Richard G. Harrison was born prematurely .

The 1-pound, 12-ounce baby arrived three months early, survived on a ventilator for weeks and didn't leave the hospital for months.

His parents, Jenice and Richard K. Harrison, called him their miracle baby.

Two decades later, their son died prematurely.

The affable 21-year-old student, former Boy Scout, church choir member and football player at Omaha Central High was killed in a vicious act inside his family's home, prosecutors said Tuesday in opening statements at the trial of the man accused of killing Harrison.

A man broke into Jenice Harrison's home near 58th Street and Grand Avenue, looking for something to steal.

He instead found Richard G. Harrison. The younger Harrison confronted the burglar and recognized him as a man he had met a couple of weeks earlier.

Harrison called out to Endre Turner by his nickname.

“Blake?” Harrison asked.

Turner shot Harrison in the face, prosecutors say. Harrison crawled inside his closet, bleeding profusely but still alive.

He gurgled something to the effect of, “Why'd you shoot me?” Turner went back to the closet and executed Harrison, authorities allege.

Turner — who was on parole in an earlier burglary conviction — did it all so he could steal a PlayStation 3 and a smartphone, Deputy Douglas County Attorney Tom McKenney told jurors.

Turner is charged with first-degree murder. His lawyer, Assistant Public Defender LeAnne Srb, asked jurors to keep an open mind, to make sure prosecutors meet their burden to prove the case beyond a reasonable doubt.

As the trial began, there was little doubt about this point: Jenice Harrison and her son had a bond.

After his premature birth, doctors had some concerns that Harrison might have physical limitations growing up.

Far from it, Jenice Harrison testified. Harrison grew into a healthy, laid-back child. He went to Fontenelle Elementary and Monroe Middle School before settling in at Central. He loved playing sports and video games.

After graduating from Central, he went to the University of Nebraska at Omaha on a scholarship before switching to Metropolitan Community College to study graphic arts.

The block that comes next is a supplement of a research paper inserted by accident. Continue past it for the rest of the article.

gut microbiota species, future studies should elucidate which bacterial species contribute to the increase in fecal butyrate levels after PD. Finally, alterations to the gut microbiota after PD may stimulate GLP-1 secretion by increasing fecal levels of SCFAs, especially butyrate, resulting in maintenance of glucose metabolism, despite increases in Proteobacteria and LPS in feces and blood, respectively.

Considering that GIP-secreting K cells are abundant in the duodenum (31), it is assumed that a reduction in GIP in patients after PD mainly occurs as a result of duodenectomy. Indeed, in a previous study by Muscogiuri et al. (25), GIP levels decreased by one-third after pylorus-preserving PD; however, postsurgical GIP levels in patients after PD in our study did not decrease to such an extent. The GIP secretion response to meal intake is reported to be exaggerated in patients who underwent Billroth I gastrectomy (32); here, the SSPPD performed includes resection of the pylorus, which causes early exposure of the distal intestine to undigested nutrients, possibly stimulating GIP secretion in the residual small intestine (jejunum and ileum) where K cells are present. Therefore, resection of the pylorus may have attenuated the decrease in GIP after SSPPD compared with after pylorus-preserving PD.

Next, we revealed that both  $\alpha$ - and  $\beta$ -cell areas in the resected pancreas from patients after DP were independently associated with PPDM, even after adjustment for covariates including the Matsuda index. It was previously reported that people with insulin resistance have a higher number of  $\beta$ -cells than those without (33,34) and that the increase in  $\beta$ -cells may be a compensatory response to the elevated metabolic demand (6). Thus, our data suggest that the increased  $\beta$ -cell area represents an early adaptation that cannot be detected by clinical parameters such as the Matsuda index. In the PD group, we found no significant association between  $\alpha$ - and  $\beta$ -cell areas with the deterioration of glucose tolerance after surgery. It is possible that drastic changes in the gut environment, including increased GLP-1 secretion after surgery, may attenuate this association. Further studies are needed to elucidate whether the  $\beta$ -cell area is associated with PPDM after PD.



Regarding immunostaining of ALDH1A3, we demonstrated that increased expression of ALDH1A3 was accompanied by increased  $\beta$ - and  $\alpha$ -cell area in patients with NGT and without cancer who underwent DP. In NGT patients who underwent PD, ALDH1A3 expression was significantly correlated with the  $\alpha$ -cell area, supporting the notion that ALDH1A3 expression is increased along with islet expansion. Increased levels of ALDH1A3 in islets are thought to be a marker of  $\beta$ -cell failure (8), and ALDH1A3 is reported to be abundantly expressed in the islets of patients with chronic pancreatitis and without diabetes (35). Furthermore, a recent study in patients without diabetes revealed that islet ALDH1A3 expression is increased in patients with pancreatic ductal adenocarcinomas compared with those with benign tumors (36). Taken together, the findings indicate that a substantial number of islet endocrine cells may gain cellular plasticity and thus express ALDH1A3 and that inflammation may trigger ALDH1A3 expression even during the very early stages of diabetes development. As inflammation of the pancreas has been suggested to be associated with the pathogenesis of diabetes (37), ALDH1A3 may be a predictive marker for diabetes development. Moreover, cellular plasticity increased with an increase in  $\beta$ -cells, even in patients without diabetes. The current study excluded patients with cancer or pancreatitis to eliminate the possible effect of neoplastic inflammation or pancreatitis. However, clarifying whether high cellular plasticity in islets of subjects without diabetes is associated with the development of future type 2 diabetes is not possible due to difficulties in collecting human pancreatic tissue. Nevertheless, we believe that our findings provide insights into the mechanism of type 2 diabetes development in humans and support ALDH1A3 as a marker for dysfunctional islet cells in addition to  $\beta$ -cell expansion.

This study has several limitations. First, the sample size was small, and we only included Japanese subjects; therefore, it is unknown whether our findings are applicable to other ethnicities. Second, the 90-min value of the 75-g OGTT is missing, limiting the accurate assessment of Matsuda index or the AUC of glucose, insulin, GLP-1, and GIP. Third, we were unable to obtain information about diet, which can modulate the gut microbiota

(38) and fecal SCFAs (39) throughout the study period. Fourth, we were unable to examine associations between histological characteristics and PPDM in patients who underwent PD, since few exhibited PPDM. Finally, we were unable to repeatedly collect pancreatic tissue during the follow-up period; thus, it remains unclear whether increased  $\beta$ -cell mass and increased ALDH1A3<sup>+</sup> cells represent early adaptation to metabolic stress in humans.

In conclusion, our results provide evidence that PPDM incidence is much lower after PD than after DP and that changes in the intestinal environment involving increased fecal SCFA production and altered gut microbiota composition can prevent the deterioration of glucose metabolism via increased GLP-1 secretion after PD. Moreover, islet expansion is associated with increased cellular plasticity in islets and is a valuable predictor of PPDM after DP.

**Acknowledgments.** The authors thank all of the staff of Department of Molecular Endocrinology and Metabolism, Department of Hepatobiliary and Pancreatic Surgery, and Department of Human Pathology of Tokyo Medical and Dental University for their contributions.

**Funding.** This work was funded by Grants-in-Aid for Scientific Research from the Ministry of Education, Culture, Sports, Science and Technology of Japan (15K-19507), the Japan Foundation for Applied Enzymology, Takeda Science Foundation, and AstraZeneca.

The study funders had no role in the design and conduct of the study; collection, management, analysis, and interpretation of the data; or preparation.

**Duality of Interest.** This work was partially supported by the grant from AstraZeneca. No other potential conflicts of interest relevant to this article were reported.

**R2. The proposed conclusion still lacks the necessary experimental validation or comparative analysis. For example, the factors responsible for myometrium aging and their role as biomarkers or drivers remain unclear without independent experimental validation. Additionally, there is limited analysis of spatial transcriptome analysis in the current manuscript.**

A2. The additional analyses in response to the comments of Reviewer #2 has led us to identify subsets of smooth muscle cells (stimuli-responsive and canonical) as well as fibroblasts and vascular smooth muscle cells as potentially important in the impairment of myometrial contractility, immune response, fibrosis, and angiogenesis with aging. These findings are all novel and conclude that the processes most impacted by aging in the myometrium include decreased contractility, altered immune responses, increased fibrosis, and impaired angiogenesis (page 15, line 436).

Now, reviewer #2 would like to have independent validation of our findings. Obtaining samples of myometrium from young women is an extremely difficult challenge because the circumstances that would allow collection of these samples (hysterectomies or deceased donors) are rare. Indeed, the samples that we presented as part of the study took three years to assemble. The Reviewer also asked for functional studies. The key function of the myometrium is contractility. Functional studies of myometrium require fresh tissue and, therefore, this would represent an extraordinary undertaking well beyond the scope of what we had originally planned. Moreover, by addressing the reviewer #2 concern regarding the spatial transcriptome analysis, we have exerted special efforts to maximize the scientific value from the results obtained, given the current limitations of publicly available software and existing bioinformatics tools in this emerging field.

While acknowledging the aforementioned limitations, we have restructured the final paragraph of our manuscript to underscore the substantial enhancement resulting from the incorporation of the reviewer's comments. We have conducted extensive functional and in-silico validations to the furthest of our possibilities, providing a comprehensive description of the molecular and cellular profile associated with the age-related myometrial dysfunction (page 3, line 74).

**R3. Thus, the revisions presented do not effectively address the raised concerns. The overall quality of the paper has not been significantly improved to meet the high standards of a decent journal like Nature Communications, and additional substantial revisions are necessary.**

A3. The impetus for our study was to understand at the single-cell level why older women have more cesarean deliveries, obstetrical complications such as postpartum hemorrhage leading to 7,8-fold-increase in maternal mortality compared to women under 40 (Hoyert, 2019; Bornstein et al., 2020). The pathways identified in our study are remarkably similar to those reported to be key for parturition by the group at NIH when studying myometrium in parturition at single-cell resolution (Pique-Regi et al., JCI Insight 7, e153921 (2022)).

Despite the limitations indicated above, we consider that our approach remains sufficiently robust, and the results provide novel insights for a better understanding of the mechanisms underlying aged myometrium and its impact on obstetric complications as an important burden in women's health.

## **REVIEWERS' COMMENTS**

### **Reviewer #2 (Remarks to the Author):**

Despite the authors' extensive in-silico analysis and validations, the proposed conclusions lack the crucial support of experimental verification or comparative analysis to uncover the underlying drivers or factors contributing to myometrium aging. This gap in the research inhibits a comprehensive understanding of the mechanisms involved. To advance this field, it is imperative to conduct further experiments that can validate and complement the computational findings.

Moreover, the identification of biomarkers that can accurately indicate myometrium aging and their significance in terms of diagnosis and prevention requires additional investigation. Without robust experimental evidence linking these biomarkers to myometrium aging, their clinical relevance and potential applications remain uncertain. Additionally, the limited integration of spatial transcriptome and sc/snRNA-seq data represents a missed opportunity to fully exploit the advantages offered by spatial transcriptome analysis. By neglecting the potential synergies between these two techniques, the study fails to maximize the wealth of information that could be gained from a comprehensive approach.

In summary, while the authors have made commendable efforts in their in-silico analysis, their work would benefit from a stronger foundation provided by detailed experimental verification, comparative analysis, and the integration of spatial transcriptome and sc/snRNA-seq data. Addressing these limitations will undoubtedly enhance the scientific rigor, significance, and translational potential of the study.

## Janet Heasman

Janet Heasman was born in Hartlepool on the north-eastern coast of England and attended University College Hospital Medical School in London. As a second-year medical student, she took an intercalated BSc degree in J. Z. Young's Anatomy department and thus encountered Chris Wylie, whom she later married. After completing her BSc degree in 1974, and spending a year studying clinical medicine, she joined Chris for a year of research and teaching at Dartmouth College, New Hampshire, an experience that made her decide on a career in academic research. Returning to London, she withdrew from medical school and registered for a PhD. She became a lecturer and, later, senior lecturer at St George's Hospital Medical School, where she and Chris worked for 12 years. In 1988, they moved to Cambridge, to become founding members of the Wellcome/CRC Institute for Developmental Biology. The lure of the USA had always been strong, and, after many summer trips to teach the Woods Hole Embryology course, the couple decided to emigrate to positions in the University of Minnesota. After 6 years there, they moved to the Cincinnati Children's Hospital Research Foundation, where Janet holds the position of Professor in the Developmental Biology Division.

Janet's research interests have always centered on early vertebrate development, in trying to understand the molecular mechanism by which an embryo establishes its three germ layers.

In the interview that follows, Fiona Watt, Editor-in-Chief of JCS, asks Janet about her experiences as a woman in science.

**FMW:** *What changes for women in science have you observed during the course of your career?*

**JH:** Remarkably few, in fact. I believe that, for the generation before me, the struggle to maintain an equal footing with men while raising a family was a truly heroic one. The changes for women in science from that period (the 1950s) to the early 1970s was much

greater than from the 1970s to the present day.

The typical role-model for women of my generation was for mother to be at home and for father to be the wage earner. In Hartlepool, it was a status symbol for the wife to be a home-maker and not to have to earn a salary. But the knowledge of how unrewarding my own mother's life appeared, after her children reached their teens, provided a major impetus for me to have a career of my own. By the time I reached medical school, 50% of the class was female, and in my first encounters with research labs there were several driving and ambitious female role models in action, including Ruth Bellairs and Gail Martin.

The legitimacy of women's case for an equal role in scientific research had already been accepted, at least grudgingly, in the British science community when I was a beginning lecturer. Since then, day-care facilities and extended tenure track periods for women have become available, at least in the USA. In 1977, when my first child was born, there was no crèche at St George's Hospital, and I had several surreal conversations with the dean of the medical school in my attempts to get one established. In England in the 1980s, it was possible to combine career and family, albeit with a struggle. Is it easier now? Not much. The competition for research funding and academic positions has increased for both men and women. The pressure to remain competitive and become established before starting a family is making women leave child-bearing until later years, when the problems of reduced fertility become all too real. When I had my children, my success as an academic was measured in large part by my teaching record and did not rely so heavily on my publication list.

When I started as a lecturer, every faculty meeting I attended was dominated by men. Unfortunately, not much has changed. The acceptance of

An avid gamer, he dreamed of designing graphics for video games.

He was low-maintenance, Jenice Harrison said. Mom called her son “dude.” Son playfully challenged his mom to Wii bowling.

“He was a goofball, very funny,” Jenice Harrison said. “When I would ask him what he wanted to do on his birthday, he would say, 'I just want to hang out with family.' ”

He was hanging out in the family house on Sept. 29, 2011. Having worked the night before at Marcus Midtown Cinema, Harrison was in his bed playing video games.

His mother popped her head in. A longtime employee at the Nebraska Medical Center, Jenice Harrison said she hadn't seen her son much. He worked nights, she worked days.

She asked him to mow the lawn. Then she made a date: The two would stay home Sunday — their only common day off.

“He said we could do Wii bowling together,” Jenice said.

That night, returning home, she was on her cellphone with her mother. She noticed her son's car was still in the garage. She called out to him: “Dude, where are you? Dude, I thought you had to go to work?”

She went to his bedroom — and noticed the TV off kilter.

She found her son crumpled in the closet, face down. She reached to try to stir him. His body was warm.

“I feel some blood on my hands,” she said. “I see blood in the closet. So I think he fell and hit his head on the TV stand.”

She called 911. An operator told her rescue squads were on the way.

“I was so elated,” she said. “They were coming and they were going to take him to the hospital and Richard was going to be fine. I just kept saying, 'Breathe, Richard, breathe.' ”

Medics arrived and slid him out of the closet and rolled him over. They ripped open his shirt and tried to shock his chest. He wasn't breathing, and a paramedic spotted brain matter.

A paramedic “told me she was sorry — that Richard was gone,” Jenice Harrison testified. “I said, 'Gone where?' ”

It sunk in. She screamed.

Two months later, an Omaha police detective was doing his usual checks for stolen goods at Sol's Jewelry & Loan near 72nd and Maple Streets. He found Harrison's PlayStation 3. It had been pawned for $75 by Jasmine Turner.

Detectives asked the store for surveillance video — and a parole officer identified the man next to Jasmine as parolee Endre Turner.

The couple had married a day after Harrison's killing.

Detectives hatched a plan to meet up with Turner at his parole appointment two days later.

As he met with his parole officer, Omaha police detectives searched Turner's north Omaha home. There, they found a .22- caliber pistol — matching the caliber of bullets used to kill Harrison — and a cellphone charger.

Police, meanwhile, asked Turner to empty his pockets.

“Is this what you're looking for?” he said. He handed them a cellphone — Harrison's cellphone.

Caught with the victim's items, McKenney said, Turner confessed to the crime.

He relayed the reason for the burglary: His wife needed prenatal vitamins. And the reason for the shooting: Harrison had called Turner by name.

The killing was the cruelest way her son could have died, Jenice Harrison said.

“He was an easygoing spirit — an appeaser, a peacemaker,” she said. “As Richard's mother, I never saw him angry ... ''

Her voice trailed. She sighed and looked up at the ceiling.

“He would rather help you solve your problem than fight.”

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